Although bankruptcy gives you a good chance for you to start over, here are some consequences that you need to know.
Chapter 7, which is known as liquidation, will ask you to repay the debts by selling almost all your possessions with some value. Chapter 13, which is known as wage earner’s plan, on the other hand, allows you to create a 3-5 years’ repayment plan and keep your assets intact. These two options both grant you a fresh start by using different methods.
However, you need to realize that filing for bankruptcy truly impacts your credit score. The record of bankruptcy would stay on your credit report for 7-10 years, which is decided by the chapter you file under. For example, the most common type, Chapter 7, would remain for 10 years, while a Chapter 13 filing 7 years. During the years, you may have a hard time getting new credit lines and hunting jobs.
In fact, it’s very likely that your credit report and your credit score are already damaged before you file for bankruptcy. Luckily, the report can be improved, especially through your consistent repayments since after. Given the long-term effects of bankruptcy, some experts believe it’s most beneficial to declare bankruptcy when you have more than $15,000 in debt.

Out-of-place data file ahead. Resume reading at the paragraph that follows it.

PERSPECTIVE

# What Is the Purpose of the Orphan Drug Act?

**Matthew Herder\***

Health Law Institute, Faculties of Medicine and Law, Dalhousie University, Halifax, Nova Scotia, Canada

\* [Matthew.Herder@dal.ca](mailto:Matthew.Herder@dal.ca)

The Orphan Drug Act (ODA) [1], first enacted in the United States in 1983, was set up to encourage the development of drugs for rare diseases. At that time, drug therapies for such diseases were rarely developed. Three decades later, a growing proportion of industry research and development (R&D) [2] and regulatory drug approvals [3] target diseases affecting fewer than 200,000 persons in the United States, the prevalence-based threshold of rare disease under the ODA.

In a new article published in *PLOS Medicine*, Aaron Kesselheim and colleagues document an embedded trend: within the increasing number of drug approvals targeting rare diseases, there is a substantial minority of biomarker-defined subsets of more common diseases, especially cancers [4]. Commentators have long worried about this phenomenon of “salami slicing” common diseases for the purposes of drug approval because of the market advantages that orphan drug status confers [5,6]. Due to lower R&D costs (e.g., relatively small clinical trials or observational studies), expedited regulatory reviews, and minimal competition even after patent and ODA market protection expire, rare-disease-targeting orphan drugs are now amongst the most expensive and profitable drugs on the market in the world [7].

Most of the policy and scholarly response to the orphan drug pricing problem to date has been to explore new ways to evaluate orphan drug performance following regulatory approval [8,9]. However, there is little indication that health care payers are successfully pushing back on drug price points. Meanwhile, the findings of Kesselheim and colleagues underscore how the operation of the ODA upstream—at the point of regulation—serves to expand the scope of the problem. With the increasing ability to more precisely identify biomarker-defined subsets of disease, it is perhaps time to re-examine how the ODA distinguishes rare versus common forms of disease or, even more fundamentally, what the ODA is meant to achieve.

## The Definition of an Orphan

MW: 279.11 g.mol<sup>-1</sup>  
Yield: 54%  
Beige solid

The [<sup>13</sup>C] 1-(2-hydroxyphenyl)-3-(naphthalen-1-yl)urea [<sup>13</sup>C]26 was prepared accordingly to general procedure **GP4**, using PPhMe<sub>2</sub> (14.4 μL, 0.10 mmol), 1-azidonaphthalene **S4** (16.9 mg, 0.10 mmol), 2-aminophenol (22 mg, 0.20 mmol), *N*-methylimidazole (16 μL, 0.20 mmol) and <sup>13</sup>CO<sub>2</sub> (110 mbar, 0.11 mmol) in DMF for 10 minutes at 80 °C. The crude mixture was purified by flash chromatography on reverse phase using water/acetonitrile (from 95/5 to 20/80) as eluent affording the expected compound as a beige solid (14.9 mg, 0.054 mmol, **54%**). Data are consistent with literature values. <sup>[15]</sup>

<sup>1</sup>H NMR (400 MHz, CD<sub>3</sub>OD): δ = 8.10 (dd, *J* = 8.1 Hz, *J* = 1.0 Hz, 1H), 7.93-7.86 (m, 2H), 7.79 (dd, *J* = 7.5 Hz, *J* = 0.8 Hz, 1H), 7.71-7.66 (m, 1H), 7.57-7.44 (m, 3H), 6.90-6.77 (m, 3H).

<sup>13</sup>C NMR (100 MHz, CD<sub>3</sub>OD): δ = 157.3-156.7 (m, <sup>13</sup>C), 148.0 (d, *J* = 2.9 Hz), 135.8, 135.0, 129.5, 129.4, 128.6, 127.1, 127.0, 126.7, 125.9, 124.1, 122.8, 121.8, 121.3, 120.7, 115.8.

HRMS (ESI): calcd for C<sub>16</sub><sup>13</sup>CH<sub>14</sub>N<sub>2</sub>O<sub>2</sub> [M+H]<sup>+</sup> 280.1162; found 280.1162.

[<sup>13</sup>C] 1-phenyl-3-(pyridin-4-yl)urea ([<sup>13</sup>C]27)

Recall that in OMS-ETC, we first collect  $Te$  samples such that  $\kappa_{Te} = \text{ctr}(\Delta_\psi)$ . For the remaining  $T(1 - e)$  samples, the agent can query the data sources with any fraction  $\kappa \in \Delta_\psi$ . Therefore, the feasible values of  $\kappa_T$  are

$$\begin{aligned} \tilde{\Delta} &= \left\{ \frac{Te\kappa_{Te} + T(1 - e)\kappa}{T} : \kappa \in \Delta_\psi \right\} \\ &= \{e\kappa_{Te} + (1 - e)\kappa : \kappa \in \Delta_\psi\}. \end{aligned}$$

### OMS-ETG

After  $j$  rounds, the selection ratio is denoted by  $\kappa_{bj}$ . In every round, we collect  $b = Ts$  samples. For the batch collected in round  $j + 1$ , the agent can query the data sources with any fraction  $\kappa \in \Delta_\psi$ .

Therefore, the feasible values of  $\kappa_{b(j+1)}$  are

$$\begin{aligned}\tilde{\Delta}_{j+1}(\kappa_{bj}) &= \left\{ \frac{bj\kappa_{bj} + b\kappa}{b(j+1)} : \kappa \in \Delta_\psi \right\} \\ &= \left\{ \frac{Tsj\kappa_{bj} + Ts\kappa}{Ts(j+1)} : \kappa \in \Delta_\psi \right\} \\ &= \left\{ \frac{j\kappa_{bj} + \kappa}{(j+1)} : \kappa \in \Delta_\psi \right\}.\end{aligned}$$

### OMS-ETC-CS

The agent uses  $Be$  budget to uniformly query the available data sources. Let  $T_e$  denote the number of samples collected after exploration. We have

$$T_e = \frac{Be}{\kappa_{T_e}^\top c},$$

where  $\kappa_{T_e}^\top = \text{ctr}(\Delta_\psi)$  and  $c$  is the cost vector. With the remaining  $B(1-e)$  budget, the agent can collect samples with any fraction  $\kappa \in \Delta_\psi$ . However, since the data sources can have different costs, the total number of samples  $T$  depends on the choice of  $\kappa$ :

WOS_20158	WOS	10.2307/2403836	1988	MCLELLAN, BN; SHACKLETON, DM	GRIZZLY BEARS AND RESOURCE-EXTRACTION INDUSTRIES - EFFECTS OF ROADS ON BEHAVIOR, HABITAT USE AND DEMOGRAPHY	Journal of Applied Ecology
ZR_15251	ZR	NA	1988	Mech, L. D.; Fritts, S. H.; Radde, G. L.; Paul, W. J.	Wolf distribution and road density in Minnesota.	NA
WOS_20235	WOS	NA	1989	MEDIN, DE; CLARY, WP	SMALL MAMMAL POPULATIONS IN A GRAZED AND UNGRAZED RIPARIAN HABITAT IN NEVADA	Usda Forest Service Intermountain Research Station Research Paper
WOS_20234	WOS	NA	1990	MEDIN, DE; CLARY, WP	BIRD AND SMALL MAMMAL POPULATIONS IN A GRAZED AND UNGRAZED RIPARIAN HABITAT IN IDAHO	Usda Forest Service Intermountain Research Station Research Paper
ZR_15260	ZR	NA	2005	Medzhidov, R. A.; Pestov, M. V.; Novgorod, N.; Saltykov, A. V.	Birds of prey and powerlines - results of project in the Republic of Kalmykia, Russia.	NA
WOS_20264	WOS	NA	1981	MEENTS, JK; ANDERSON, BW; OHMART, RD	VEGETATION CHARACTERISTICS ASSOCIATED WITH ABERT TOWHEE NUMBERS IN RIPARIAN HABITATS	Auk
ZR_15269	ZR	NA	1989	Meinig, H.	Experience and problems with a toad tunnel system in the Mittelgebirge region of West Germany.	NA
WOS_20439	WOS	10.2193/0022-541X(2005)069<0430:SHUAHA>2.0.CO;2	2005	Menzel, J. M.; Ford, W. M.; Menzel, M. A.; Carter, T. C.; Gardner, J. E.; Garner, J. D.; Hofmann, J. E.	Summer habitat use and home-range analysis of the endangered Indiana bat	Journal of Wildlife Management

Nevertheless, bankruptcy is no panacea. It does not absolve you of all your financial responsibilities. Some types of debts and obligations are not erasable. For instance, taxes, alimony and child support, federal student loans, loans obtained fraudulently, debts incurred after bankruptcy filing, as well as debts that arise within six months prior to the bankruptcy filing.
Finally, bankruptcy does not offer protection to your debt co-signers. Because one of the obligations for the co-signers is that they need to pay your loan if you didn’t or couldn’t pay. After you declare bankruptcy, your co-signers will be legally responsible for the debts and obliged to pay all or part of them.